Pope Francis abolishes secrecy policy in sexual abuse cases

click to enlarge Pope Francis arrives to the opening of a historic summit devoted to the issue of clerical child sexual abuse, at the Vatican on Thursday, Feb. 21, 2019. - VINCENZO PINTO/POOL VIA THE NEW YORK TIMES
Vincenzo Pinto/Pool via The New York Times
Pope Francis arrives to the opening of a historic summit devoted to the issue of clerical child sexual abuse, at the Vatican on Thursday, Feb. 21, 2019.
By Elisabetta Povoledo
The New York Times Company

ROME — The Vatican on Tuesday said it would abolish the high level of secrecy it has applied to sexual-abuse accusations against clerics, ending a policy critics said had often shielded priests from criminal punishment by the secular authorities.

Removing that cloak of confidentiality, the Roman Catholic Church is changing its stance to make it acceptable — but not required — to turn information about abuse claims over to the police, prosecutors and judges.

In recent years, church officials in the United States and some other countries have shared with civil authorities information about some sexual abuse allegations. But that cooperation, in theory, defied a decree adopted in 2001 that made the information a “pontifical secret” — the church’s most classified knowledge.


Victims and their advocates said the restrictions hampered civil authorities and helped conceal crimes, and they greeted Francis’ new instructions as a step forward.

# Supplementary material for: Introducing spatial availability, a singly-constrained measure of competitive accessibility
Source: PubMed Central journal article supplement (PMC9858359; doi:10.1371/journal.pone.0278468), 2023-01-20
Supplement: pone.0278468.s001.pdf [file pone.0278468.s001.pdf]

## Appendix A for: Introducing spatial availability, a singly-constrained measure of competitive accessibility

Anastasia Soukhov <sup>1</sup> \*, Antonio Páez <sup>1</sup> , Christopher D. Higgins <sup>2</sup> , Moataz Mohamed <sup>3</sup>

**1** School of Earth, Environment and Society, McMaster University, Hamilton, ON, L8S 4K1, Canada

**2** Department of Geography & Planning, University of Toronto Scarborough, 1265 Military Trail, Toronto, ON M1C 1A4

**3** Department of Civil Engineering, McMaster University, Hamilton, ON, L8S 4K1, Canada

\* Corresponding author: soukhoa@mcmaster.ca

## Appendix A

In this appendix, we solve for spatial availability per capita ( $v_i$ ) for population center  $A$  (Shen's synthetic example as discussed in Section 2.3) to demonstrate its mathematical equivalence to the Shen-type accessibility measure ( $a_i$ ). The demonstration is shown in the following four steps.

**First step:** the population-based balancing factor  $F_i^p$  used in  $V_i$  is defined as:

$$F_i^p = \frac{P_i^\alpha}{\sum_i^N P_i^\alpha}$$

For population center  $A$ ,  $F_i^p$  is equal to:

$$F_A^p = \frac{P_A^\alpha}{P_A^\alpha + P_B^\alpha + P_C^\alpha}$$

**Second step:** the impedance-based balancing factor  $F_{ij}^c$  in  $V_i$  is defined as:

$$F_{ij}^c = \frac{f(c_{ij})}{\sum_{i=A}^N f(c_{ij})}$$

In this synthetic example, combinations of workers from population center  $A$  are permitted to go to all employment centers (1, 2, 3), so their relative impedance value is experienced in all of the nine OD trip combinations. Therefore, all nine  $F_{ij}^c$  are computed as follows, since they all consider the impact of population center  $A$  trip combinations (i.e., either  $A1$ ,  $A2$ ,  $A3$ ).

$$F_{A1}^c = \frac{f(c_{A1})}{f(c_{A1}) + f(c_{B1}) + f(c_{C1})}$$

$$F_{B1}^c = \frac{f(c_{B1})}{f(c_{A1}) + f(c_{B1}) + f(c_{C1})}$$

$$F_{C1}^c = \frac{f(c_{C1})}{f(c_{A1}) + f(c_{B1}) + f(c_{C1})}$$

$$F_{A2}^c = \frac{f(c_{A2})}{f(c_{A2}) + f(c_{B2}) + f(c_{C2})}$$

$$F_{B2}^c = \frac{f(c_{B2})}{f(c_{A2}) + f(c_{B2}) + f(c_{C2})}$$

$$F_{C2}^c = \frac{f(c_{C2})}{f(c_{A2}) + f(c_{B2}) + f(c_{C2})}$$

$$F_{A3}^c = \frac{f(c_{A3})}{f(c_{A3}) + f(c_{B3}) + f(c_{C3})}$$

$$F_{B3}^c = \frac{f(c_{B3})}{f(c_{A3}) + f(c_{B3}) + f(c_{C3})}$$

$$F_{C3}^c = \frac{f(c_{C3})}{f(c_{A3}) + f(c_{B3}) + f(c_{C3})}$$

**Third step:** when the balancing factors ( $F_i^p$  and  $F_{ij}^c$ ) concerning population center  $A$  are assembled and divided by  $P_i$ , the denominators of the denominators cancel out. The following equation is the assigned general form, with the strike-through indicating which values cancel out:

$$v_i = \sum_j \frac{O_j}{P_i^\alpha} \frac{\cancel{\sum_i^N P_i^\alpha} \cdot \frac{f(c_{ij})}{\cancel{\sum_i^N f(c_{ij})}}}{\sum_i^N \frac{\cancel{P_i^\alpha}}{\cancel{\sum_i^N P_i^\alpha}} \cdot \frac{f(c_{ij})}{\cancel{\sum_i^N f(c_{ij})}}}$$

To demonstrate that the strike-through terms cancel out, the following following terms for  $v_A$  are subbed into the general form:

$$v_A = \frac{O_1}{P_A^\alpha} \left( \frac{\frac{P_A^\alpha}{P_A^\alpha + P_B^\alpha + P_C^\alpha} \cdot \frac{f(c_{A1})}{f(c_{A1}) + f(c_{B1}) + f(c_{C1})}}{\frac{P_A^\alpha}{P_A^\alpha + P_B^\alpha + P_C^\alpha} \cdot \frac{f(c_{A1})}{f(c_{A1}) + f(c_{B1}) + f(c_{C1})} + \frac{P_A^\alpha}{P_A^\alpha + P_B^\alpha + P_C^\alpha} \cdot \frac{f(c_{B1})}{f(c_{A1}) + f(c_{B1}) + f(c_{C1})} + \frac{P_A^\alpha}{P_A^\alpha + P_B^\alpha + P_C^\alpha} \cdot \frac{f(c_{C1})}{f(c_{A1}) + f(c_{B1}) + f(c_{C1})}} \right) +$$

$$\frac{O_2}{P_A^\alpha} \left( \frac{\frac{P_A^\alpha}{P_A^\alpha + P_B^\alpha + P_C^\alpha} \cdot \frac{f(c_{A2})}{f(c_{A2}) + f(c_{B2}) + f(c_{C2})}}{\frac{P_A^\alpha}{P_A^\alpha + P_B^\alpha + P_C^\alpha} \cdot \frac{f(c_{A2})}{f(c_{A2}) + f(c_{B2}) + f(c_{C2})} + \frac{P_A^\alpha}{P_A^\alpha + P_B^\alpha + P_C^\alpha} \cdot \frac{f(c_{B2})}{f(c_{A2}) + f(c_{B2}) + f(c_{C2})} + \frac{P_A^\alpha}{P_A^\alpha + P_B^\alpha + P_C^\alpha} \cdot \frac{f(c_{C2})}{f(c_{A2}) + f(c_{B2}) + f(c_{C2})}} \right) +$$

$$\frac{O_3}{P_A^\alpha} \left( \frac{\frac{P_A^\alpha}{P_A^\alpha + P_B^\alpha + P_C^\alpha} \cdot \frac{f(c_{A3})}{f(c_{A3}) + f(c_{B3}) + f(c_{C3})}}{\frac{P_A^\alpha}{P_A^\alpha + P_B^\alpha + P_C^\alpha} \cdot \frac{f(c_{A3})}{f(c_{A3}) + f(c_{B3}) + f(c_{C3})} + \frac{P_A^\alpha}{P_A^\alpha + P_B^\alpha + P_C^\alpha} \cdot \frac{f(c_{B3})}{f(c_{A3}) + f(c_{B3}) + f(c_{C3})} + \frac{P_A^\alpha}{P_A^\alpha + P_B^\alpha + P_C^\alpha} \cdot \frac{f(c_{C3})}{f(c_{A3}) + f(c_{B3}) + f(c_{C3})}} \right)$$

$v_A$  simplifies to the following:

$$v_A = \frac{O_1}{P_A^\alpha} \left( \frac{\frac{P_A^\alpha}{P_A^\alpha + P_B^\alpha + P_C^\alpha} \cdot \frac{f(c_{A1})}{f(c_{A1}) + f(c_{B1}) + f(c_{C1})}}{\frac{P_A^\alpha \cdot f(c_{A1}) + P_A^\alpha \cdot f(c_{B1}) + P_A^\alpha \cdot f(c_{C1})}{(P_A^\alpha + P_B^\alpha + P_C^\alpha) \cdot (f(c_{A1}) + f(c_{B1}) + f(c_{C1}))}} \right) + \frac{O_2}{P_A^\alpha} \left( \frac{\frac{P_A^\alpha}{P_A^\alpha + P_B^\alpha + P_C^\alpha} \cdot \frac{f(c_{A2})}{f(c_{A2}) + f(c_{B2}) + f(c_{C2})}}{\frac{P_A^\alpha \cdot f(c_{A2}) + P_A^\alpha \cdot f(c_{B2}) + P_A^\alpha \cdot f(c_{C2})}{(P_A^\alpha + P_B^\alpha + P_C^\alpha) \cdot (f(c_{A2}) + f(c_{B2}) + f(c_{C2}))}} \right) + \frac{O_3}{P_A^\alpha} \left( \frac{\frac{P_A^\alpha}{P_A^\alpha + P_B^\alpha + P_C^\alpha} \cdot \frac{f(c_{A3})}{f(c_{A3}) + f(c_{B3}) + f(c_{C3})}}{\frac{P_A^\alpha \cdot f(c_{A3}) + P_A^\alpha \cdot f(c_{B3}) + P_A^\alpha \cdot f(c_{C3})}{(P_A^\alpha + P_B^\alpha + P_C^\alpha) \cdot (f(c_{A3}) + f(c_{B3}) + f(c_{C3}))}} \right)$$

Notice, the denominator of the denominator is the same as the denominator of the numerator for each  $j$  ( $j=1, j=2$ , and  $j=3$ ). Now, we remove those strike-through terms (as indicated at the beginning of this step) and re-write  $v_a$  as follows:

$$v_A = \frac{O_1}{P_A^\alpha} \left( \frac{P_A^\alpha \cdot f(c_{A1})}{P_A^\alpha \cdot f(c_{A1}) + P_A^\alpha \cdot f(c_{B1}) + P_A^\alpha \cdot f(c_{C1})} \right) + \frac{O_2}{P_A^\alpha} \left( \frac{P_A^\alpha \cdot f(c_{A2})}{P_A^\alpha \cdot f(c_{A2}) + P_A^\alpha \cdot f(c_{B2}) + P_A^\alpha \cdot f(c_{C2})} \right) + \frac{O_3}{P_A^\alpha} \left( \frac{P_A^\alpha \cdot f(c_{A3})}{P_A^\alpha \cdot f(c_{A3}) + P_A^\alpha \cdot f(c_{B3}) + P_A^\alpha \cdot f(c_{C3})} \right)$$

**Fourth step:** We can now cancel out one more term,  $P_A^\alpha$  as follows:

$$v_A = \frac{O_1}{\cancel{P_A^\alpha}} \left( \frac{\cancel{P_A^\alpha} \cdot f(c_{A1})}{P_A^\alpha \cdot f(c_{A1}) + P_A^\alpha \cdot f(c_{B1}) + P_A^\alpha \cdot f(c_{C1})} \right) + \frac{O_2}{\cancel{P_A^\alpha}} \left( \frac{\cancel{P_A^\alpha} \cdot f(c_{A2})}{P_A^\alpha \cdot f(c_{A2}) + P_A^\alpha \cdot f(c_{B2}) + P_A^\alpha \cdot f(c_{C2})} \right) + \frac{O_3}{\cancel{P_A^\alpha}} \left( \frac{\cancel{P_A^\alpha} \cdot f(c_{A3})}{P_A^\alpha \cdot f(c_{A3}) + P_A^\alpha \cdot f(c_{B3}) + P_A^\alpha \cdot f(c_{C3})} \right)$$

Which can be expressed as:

“Things are decidedly changing,” said Francesco Zanardi, an Italian survivor of clerical abuse and president of Rete l’Abuso, an Italian anti-abuse group.

Anne Barrett Doyle, co-director of BishopAccountability.org, a group that tracks abuse in the church, said the pope had taken “an overdue and desperately needed step.”

She called changing the policy “a first step toward decreasing the anti-victim bias of canon law.”


On Tuesday, the pope also made the canon law against child pornography more stringent, a change that victims’ groups had pushed for. Previously, possession or dissemination of pornographic images of children under 14 was considered a “most grave crime.” That category will now apply to images of children under 18.

The secrecy change is the latest step in the church’s attempts to tackle the sexual abuse crisis that has dogged it for decades. Growing global pressure for greater accountability forced the issue to the front of Pope Francis’ agenda.

Barrett Doyle and other victim advocates, while praising the change, said it did not address many of the other issues they have raised, like the fact that the church has not adopted a policy of defrocking any priest who has abused a child.

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